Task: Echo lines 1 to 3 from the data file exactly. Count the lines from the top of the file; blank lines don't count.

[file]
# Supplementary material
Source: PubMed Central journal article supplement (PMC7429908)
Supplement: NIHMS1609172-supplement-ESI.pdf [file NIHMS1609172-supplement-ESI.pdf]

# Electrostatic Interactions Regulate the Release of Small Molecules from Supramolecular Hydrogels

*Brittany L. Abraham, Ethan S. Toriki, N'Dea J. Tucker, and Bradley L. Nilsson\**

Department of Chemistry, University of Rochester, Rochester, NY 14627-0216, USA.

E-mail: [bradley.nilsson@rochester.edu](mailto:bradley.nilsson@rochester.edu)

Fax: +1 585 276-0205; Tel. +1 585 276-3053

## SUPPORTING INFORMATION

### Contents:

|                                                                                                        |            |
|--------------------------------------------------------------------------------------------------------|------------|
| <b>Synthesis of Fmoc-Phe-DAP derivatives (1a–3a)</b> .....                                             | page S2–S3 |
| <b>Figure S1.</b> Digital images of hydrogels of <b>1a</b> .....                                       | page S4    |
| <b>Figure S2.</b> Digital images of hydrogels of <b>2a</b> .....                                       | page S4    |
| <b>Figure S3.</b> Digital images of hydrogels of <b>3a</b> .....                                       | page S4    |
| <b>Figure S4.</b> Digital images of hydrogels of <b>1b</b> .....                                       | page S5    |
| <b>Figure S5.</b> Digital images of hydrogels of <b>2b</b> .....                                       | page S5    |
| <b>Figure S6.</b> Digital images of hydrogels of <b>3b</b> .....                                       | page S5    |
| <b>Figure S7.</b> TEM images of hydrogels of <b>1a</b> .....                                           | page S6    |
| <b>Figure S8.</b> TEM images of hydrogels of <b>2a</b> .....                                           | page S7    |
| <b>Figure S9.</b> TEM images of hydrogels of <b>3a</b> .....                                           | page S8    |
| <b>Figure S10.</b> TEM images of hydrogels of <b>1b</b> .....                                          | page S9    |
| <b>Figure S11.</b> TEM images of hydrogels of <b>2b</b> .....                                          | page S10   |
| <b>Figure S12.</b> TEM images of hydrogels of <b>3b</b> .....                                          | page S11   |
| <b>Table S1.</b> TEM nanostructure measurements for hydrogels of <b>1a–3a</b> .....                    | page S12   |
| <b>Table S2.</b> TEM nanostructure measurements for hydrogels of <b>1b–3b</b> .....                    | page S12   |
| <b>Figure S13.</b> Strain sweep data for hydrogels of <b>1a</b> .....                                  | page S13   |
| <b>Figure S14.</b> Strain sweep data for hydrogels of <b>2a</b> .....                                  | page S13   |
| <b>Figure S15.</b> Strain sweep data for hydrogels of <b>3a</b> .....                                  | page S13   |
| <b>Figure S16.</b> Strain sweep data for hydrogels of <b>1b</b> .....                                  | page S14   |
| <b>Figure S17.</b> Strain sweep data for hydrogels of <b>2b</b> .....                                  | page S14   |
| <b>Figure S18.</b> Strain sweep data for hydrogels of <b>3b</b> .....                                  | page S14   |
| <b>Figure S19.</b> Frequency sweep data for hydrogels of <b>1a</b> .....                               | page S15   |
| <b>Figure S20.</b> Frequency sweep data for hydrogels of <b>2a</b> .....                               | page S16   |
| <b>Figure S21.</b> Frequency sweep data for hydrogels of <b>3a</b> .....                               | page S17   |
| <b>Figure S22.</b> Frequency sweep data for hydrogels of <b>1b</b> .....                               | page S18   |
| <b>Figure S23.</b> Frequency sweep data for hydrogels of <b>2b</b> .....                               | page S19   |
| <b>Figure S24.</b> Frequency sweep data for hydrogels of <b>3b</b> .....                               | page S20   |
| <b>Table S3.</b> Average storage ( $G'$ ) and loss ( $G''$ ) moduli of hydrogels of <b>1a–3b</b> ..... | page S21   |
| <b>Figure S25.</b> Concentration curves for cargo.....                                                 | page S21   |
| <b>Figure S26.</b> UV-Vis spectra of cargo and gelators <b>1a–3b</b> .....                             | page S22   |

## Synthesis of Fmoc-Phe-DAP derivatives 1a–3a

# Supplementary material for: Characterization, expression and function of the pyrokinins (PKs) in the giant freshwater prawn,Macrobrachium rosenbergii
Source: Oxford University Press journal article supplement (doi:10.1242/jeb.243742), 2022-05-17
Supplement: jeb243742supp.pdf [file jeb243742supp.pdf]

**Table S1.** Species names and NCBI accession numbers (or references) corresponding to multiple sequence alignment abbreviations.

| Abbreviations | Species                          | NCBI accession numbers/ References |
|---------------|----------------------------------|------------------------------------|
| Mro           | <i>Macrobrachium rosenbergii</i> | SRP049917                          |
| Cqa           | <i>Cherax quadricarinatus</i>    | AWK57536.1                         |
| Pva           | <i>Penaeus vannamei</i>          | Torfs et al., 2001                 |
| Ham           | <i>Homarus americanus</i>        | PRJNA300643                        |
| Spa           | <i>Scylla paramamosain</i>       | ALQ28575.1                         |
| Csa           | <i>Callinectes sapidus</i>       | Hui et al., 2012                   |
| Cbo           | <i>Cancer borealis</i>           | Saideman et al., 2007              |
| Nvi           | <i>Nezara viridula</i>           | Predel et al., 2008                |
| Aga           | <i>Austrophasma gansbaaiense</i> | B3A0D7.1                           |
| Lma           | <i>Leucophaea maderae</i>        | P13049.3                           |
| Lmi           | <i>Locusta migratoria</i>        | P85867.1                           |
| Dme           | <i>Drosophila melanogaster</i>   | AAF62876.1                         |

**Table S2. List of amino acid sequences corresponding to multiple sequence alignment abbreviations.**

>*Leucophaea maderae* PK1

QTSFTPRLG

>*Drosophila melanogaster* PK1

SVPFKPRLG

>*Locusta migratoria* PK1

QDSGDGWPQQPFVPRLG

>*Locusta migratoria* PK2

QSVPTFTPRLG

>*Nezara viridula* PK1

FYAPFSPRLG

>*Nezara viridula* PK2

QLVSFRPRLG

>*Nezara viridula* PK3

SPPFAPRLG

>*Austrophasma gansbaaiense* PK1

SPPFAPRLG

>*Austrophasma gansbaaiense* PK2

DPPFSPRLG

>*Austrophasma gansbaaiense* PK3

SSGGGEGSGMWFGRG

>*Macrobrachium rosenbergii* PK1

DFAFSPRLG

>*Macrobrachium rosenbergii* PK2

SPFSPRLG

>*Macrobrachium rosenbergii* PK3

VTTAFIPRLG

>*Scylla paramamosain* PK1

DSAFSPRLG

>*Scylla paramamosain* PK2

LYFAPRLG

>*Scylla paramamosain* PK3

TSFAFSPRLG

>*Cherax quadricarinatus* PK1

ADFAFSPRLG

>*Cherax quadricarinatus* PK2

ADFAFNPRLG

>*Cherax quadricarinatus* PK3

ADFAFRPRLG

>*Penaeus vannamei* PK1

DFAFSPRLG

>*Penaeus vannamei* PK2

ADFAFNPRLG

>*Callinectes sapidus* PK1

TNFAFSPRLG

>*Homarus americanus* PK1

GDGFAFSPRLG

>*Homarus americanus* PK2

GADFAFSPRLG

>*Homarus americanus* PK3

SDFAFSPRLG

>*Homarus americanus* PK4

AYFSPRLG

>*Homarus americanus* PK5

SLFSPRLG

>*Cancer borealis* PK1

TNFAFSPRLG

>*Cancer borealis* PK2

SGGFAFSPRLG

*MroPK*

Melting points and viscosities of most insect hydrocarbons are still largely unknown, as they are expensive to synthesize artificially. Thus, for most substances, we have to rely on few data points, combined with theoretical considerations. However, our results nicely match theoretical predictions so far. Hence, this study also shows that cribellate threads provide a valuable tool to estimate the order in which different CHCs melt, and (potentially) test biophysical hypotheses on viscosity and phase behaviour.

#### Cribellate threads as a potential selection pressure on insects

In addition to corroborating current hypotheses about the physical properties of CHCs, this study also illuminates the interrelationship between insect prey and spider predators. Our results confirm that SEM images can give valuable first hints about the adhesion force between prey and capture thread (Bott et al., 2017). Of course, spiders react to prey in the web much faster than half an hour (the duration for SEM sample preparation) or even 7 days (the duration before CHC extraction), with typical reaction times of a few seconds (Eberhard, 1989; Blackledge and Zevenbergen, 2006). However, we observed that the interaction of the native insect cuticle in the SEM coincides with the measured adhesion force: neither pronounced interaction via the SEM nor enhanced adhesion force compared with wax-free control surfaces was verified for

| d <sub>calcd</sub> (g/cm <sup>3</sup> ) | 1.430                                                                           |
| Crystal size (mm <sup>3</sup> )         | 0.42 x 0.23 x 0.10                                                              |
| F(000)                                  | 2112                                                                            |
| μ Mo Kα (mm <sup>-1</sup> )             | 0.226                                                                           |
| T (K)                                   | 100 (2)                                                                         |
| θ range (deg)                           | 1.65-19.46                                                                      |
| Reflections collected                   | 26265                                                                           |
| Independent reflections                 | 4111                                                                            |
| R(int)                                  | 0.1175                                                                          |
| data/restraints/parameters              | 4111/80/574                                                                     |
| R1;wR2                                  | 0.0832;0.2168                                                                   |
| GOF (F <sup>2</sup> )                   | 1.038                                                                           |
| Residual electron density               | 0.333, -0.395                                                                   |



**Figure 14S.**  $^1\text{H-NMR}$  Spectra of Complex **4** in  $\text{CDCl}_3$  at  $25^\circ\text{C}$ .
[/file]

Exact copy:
# Supplementary material
Source: PubMed Central journal article supplement (PMC7429908)
Supplement: NIHMS1609172-supplement-ESI.pdf [file NIHMS1609172-supplement-ESI.pdf]